Disbelief. Grief. Worry. Sadness. Helplessness.

These are just a few of the emotions I felt watching the waters of the Bow and Elbow Rivers rise rapidly over the last few days.

How rapidly? Like nothing we have ever seen in recent history.

My scientist’s brain leapt to the data and I saw some staggering hydrographs showing how fast the rivers were increasing.

Thankfully the rivers are dropping slowly, but the clean up will be tremendous.

It is heart-wrenching to watch so many people be displaced by the flooding throughout Calgary, High River, Canmore, and Black Diamond. For me, I am safe. I have family members that have been displaced by the flooding, but everyone has checked in and are accounted for. It is too soon to tell how extensive the damage will be. What lies beneath the swirling muddy surface of the rivers is unknown.

In the midst of all this destruction, there has been story after story of courage and compassion.

It is the story of a community coming to its own rescue.

People are determined to help and have filled the community centres to overflowing with food, blankets, and clothing. This is a story of a city that has been shaken out of its self-absorption to render the true cost of homelessness and the wealth found in friendship and family. We are wealthy in each other.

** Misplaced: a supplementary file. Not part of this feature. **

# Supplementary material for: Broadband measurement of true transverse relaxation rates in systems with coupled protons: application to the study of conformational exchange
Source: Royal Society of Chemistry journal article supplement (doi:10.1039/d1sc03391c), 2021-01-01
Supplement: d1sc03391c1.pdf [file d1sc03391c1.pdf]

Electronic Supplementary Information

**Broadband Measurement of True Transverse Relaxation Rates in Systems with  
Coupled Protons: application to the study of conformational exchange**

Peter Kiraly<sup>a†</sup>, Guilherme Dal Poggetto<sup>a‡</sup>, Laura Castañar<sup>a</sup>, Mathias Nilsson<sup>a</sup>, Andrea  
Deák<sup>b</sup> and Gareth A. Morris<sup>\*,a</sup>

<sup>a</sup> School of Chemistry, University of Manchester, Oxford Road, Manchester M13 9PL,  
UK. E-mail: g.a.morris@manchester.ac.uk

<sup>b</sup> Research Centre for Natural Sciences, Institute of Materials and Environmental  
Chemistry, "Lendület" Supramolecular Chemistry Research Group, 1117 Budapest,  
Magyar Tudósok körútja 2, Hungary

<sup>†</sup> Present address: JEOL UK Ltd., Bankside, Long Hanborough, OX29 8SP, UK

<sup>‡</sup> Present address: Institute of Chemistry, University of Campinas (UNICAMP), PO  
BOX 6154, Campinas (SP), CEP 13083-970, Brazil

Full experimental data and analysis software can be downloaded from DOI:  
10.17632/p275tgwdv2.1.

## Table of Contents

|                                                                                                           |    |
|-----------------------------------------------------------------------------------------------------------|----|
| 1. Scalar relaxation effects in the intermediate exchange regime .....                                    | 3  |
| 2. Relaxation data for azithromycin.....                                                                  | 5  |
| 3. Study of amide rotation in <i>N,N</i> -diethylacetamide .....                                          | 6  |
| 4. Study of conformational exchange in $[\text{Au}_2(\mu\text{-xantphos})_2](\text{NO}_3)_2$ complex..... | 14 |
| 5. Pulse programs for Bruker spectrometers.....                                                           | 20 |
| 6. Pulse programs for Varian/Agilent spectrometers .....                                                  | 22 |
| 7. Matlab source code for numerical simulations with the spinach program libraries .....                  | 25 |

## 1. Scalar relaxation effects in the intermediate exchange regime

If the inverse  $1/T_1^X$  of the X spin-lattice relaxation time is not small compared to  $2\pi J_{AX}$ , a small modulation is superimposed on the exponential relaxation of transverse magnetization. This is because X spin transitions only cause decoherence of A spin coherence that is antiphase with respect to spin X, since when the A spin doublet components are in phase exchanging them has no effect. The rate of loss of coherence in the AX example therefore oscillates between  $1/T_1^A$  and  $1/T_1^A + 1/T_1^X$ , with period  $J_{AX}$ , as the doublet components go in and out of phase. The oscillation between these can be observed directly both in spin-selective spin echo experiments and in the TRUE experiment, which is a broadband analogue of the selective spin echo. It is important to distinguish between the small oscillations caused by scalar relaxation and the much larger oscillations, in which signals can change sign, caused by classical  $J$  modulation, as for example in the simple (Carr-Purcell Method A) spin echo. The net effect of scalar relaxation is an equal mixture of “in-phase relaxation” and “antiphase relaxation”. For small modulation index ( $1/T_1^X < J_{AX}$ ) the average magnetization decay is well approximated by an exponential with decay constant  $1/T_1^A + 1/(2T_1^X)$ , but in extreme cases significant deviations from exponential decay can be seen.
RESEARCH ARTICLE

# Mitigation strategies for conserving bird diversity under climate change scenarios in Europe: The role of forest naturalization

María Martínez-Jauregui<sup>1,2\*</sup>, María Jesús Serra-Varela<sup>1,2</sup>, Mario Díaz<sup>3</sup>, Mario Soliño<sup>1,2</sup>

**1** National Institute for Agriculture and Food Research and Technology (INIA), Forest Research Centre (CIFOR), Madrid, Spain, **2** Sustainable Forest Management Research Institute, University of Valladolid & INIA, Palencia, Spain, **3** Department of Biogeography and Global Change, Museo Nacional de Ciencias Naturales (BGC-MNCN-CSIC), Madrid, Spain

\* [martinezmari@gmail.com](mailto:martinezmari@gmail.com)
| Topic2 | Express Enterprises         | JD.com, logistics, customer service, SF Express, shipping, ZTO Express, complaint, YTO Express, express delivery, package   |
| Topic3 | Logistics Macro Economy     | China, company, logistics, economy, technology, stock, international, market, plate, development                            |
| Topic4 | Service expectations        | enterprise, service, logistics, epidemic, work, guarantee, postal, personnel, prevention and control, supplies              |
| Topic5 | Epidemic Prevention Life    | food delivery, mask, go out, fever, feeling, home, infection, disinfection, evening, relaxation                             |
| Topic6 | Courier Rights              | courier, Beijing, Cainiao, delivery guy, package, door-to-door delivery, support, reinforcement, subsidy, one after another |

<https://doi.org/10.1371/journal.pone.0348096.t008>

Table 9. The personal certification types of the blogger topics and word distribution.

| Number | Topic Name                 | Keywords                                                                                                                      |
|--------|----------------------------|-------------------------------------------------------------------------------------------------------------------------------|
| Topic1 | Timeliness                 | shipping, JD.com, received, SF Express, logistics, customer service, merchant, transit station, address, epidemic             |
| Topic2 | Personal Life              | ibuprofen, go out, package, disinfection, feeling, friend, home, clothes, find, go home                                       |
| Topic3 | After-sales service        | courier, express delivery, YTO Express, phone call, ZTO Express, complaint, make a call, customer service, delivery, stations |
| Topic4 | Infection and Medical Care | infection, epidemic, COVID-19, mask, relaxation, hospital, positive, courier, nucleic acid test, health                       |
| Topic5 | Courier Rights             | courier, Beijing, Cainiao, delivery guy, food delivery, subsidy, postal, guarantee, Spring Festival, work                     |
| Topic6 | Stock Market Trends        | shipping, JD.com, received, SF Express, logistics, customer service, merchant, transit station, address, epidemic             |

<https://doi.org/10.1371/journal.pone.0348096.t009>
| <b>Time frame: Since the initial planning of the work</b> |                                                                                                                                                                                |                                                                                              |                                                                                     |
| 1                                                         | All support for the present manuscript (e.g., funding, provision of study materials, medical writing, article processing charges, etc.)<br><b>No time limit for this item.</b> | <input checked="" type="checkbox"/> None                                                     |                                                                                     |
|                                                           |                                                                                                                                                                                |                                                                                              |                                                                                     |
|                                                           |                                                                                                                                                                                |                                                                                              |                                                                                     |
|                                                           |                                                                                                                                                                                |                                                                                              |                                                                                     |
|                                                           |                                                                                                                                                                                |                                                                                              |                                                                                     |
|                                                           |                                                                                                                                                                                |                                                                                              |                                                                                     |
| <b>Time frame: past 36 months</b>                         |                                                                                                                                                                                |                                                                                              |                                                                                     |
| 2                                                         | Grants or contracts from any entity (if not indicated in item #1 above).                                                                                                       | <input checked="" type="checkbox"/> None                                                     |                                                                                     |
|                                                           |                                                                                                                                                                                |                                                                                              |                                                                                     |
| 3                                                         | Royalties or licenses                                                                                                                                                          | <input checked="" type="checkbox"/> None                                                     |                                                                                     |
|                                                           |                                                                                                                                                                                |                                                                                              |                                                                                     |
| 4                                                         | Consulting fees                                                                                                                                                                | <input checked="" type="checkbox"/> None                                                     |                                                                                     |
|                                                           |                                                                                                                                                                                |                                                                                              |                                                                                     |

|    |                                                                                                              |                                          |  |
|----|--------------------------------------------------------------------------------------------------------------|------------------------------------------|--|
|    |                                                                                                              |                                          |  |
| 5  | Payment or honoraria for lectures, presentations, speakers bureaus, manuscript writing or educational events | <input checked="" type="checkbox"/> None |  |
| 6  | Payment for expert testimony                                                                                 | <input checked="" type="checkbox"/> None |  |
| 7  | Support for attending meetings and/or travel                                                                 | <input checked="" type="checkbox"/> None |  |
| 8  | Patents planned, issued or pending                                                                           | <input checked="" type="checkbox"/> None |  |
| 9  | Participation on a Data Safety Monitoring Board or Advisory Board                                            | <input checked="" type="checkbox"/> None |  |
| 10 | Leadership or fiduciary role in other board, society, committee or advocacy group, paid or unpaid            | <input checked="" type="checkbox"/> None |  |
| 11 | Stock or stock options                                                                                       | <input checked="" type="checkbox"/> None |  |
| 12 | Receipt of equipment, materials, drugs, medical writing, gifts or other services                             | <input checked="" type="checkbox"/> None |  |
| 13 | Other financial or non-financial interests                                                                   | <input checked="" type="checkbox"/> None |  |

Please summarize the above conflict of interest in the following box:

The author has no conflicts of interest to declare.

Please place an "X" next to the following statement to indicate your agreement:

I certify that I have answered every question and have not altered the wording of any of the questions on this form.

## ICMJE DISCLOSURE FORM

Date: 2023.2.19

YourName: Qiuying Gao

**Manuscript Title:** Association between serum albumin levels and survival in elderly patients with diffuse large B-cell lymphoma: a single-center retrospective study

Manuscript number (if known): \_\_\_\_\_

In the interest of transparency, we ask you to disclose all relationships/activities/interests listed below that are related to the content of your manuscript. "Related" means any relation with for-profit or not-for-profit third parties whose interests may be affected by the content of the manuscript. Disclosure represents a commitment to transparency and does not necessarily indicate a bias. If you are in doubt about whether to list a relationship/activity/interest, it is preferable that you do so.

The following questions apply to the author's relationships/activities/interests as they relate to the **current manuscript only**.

As homes and belongings get washed down the river, I am so incredibly grateful it is not people. The fatalities have been few and that is impressive. It speaks to our collective wealth as Canadians that we can avoid so much tragedy that happens in natural disasters in less wealthy countries.

As I sit writing, with power, clean drinking water (from the Tap!), a dry home, I am filled with a deep sense of gratitude. It reminds me of how I felt when I did overnight volunteering for Inn from the Cold, an agency for Calgary’s homeless. After spending all night awake, making lunches, I would come home, sink into my bed and pillows and blankets and feel gratitude in every cell. I feel that now.

I also acknowledge how much I am attached to my own belongings. I notice how much I am attached to my worries and small concerns. All I can do now is wait for the call for volunteers and to help where and when I can. In the meantime, I can hold a vision of the resilience of the people who have been affected.

I see so clearly, Calgary is a city that is more than buildings and roads.

Calgary is us.

Calgary is people joining together in community. We are wealthy in each other.